John Paul met more than 50 times with Muslim leaders, and won appreciation in the Muslim world by showing respect for the faith. He apologized for past errors, visited a mosque, and when a Koran was given to him, he kissed it. And unlike some Protestant preachers, he stated that Christians and Muslims pray to one God.
"He saw his dialogue as work of peace-building," says Diana Eck of Harvard University, who participated in interfaith discussions with the Vatican.
Some critics in and outside the Vatican now argue for a tougher line, and acknowledgment of the religious rivalry with Islam. They say it's time for Muslim leaders to provide some guarantees on religious freedom for Christians.
Whether the new pontiff sees relations as simply managing religious competition or building new modes of cooperation has implications far beyond the church, says William Vendley, head of Religions for Peace, which has worked with the Vatican on interfaith endeavors for decades.
George Weigel, a prominent US Catholic and papal biographer, suggested in a January talk that the lessons learned from the church's own journey toward the acceptance of democracy and religious freedom - a journey it did not complete until 1965 - might be useful to Muslims.
Whether the new pope comes from the developing world or not, he will be expected to emphasize the issues most troubling that region - poverty, HIV/AIDS, and the inequities related to globalization.
Catholicism's center of gravity has shifted southward, and church leaders there seek concrete action on economic issues. Polls show that large numbers of Catholics in the developed world also want a greater focus on poverty.
John Paul spoke and wrote eloquently on these issues, but he cracked down on the grass-roots efforts of Catholic clergy to address injustices through liberation theology. The next pontiff faces the test of going beyond denouncing the problems to developing specific proposals.
Similarly, in Africa, where the church is growing most rapidly, some critics say its singular focus on abstinence has done little to thwart the AIDS epidemic Some look for policy changes, such as allowing husbands with HIV to use condoms.
The late pope raised the bar for the papacy on communication skills; but the new leader will have to best John Paul in the realm of communicating the relevance of church teachings for the 21st century. He was not able to sell his teachings on sexuality and family matters to most American Catholics, or keep Europeans from drifting further into secularism.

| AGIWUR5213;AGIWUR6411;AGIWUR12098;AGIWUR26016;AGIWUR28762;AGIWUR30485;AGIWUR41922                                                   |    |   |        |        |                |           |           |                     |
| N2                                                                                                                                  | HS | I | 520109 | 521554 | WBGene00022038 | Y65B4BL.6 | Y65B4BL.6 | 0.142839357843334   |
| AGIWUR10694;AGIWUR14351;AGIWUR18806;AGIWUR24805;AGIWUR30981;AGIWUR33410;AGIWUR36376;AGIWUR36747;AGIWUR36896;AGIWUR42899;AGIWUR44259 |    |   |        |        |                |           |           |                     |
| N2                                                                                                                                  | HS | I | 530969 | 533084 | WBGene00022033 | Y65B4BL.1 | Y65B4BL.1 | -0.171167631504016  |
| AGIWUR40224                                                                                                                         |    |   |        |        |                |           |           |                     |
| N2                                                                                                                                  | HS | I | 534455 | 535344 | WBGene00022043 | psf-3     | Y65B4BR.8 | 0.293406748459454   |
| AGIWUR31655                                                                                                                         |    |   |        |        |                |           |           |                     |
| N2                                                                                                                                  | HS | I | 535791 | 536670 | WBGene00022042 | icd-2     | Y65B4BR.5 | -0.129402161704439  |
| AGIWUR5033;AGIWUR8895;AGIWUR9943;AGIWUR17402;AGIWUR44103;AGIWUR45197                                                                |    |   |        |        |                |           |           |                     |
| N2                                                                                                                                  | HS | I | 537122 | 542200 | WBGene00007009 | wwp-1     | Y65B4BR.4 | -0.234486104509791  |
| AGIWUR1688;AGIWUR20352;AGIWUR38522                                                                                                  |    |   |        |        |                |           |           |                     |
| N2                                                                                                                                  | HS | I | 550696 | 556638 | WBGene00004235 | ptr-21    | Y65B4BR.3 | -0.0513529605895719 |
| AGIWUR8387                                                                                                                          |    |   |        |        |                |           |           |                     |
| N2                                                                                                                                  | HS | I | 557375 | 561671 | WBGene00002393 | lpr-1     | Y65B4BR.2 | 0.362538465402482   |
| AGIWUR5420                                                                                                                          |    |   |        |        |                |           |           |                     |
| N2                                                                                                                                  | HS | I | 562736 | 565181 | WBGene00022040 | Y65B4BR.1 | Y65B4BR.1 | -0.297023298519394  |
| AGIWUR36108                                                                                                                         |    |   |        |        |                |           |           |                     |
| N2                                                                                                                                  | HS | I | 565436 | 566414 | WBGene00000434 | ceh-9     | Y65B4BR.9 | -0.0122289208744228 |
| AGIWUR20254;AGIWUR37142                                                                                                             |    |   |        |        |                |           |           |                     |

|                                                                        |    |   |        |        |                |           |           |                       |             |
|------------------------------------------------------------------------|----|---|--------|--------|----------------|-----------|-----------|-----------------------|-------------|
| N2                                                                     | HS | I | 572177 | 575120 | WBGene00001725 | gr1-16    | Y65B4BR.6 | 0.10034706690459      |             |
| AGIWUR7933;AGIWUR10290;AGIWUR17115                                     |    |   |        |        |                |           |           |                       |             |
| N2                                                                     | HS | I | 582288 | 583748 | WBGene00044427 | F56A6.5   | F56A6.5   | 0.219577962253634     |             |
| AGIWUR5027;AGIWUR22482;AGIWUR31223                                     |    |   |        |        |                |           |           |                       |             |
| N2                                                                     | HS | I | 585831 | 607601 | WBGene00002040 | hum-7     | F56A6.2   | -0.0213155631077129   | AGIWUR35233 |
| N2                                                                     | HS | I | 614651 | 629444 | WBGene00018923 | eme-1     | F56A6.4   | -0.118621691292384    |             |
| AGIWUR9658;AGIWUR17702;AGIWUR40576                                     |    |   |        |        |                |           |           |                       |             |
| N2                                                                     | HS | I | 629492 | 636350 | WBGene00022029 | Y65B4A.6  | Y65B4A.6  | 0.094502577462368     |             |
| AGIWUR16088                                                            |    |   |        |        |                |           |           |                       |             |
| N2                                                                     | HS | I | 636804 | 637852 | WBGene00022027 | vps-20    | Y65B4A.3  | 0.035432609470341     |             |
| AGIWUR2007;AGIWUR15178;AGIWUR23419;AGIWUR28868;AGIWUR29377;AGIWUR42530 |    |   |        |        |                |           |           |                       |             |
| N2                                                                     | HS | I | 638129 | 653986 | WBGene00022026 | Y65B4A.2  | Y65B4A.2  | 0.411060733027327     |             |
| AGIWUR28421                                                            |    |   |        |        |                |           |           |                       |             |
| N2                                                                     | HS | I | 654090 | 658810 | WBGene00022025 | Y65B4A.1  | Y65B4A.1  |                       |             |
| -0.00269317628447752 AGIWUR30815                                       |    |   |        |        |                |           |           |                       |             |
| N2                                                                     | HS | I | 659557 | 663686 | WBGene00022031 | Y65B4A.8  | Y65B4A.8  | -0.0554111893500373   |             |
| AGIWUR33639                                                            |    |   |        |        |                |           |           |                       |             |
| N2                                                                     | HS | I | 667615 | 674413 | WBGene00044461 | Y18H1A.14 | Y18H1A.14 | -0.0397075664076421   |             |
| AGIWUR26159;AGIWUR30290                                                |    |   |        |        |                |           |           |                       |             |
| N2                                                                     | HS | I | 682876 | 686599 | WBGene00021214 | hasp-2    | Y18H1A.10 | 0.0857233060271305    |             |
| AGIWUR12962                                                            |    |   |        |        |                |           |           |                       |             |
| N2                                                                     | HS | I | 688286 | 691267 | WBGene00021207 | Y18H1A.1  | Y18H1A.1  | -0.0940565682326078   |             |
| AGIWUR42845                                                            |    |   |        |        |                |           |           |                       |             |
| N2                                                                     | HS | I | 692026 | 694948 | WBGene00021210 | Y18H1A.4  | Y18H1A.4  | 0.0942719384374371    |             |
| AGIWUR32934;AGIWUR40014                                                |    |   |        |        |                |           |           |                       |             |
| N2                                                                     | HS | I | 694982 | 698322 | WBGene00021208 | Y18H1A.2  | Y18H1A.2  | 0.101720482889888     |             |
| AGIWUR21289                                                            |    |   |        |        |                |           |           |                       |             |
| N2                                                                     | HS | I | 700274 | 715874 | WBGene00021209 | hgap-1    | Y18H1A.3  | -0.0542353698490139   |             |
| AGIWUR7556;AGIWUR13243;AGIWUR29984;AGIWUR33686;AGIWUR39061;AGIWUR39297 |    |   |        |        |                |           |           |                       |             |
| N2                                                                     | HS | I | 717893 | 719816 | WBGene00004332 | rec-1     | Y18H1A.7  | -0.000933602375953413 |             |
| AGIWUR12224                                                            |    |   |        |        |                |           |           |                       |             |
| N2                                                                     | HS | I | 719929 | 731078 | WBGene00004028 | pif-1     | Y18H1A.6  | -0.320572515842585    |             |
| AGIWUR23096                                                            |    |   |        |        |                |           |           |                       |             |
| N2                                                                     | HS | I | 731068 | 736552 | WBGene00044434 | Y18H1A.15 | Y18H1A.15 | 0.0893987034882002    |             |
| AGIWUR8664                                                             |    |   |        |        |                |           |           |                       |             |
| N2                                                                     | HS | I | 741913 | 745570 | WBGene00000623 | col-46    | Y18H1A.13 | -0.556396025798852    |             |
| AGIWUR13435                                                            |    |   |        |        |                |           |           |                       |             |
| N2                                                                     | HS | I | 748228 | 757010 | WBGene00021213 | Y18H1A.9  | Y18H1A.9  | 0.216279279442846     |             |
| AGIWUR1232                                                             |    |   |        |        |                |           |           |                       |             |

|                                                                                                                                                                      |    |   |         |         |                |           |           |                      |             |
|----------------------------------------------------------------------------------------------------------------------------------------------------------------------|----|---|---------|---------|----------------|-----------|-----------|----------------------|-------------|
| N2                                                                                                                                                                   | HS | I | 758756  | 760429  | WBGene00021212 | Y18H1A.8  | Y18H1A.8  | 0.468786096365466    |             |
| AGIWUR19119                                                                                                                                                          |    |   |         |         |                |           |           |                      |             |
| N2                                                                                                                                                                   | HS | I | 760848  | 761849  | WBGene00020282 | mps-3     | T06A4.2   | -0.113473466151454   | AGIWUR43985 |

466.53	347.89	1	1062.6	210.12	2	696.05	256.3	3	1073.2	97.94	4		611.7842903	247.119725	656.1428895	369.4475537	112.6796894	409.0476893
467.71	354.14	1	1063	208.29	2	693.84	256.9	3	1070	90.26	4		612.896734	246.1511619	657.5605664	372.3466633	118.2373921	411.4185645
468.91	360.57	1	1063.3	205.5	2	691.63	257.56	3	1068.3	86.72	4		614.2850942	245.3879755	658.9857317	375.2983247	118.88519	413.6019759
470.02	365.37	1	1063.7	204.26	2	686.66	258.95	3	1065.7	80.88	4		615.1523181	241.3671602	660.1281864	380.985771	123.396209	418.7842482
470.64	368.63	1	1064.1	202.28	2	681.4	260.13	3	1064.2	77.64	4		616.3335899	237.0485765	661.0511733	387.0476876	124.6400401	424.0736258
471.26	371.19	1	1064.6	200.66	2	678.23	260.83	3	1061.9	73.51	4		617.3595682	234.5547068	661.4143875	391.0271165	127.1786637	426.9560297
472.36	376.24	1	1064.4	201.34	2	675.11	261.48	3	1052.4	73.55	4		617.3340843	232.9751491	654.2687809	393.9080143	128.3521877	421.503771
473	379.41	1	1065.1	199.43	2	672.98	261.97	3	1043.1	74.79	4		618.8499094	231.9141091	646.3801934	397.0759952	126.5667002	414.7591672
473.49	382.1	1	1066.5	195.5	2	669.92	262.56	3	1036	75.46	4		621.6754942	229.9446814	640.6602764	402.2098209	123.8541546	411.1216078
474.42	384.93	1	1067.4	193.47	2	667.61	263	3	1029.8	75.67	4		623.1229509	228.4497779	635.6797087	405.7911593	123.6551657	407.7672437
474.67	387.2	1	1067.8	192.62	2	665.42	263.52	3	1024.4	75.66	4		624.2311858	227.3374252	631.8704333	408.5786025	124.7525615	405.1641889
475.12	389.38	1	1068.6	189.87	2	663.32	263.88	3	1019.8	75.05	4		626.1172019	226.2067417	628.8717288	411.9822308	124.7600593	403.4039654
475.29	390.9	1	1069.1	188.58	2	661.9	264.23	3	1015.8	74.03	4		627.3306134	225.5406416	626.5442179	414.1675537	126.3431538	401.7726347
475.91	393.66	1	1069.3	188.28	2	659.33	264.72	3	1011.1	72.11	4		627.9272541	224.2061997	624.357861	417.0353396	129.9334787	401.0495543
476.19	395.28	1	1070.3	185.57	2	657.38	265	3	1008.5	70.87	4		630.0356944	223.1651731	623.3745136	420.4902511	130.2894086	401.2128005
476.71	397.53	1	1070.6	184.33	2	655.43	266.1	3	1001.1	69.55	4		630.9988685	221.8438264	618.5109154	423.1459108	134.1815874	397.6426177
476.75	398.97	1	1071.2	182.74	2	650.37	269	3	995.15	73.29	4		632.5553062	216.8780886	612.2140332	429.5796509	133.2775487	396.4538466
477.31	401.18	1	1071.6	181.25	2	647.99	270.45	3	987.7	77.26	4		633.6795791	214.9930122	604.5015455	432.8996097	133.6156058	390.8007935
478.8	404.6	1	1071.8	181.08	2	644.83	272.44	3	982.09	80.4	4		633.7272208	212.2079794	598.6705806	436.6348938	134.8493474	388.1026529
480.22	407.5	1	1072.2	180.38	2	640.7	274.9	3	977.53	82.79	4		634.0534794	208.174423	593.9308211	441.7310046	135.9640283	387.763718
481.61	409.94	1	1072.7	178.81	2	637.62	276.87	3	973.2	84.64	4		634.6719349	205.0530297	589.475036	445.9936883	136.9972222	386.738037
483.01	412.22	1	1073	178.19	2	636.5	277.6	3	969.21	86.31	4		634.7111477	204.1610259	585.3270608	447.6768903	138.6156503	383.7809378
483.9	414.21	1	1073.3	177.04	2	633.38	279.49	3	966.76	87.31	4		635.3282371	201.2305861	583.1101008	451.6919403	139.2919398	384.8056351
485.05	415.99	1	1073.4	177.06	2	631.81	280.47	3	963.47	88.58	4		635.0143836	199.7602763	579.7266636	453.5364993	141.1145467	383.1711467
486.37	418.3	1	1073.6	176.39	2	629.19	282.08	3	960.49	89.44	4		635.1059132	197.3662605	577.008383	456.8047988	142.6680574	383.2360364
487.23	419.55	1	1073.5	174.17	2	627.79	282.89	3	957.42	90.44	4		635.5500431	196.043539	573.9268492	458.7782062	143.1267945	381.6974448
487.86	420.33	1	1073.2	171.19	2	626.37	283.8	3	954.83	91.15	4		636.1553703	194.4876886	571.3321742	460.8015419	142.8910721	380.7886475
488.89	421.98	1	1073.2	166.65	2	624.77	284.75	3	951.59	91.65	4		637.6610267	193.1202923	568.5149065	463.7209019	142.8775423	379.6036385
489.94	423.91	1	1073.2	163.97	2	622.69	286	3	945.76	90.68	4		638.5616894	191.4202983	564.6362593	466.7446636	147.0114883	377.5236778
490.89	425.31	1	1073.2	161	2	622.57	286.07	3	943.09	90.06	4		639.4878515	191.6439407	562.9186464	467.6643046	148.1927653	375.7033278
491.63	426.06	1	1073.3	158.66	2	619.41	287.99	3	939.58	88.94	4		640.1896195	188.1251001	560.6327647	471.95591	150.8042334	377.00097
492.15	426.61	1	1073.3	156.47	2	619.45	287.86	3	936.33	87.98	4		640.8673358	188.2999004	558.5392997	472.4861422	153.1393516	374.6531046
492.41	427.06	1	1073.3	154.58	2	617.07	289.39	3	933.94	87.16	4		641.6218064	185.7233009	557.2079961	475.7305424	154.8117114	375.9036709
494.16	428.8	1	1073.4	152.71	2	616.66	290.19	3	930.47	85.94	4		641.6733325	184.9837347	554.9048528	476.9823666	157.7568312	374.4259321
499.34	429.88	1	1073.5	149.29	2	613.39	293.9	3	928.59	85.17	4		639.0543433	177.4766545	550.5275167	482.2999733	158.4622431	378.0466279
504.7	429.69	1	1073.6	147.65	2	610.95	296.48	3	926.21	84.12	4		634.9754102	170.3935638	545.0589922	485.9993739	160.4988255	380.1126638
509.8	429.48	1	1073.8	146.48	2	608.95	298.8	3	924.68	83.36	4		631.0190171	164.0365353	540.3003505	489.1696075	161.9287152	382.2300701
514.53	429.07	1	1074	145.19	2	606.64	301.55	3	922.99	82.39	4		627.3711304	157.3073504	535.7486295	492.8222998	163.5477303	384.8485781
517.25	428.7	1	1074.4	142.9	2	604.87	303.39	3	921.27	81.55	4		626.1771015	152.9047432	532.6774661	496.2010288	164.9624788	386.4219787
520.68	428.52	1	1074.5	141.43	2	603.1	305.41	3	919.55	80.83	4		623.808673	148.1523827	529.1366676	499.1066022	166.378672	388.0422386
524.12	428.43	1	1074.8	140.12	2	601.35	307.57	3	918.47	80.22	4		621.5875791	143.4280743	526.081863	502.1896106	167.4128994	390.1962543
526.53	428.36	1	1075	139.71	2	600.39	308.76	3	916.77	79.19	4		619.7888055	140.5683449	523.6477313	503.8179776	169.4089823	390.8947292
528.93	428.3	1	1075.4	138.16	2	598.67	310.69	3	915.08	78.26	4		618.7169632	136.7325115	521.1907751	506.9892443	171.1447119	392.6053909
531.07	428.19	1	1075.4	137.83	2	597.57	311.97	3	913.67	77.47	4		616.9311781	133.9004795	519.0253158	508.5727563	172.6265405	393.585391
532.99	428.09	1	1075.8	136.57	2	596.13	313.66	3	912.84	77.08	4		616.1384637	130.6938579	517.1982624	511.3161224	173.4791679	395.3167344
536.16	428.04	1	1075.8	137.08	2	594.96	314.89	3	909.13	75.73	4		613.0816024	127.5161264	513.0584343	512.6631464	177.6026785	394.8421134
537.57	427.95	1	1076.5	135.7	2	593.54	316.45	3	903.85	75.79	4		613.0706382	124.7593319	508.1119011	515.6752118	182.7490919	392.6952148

Conservatives look for a communicator who can articulate John Paul II's theology more effectively. Others insist that progress will only come by opening up discussion on a host of issues, including birth control, divorce, homosexuality, and the role of women and the laity.
"We need a pope who is willing to listen to all voices in the church before making a decision," Reese says.
How the new pope addresses the role of women holds tremendous import for the church's future, many say. Women's issues are at the heart of the survival of the American church, according to Sr. Joan Chittister, a Benedictine nun and prominent US writer. In a talk last week in Rome, she charged that Vatican authorities had downgraded women's role in recent years, with many being removed from official capacities in dioceses.
The church sees the biotech revolution as a profound challenge to its theology of a "culture of life." It has opposed in vitro fertilization, cloning, and stem-cell research.
Mr. Weigel suggests the church should help develop a new vocabulary for the debate on legal and regulatory standards. Today's moral vocabulary, he says, "is a popularized form of utilitarianism - a utilitarianism reinforced by misplaced notions of compassion, on the one hand, and by scientific hubris, on the other."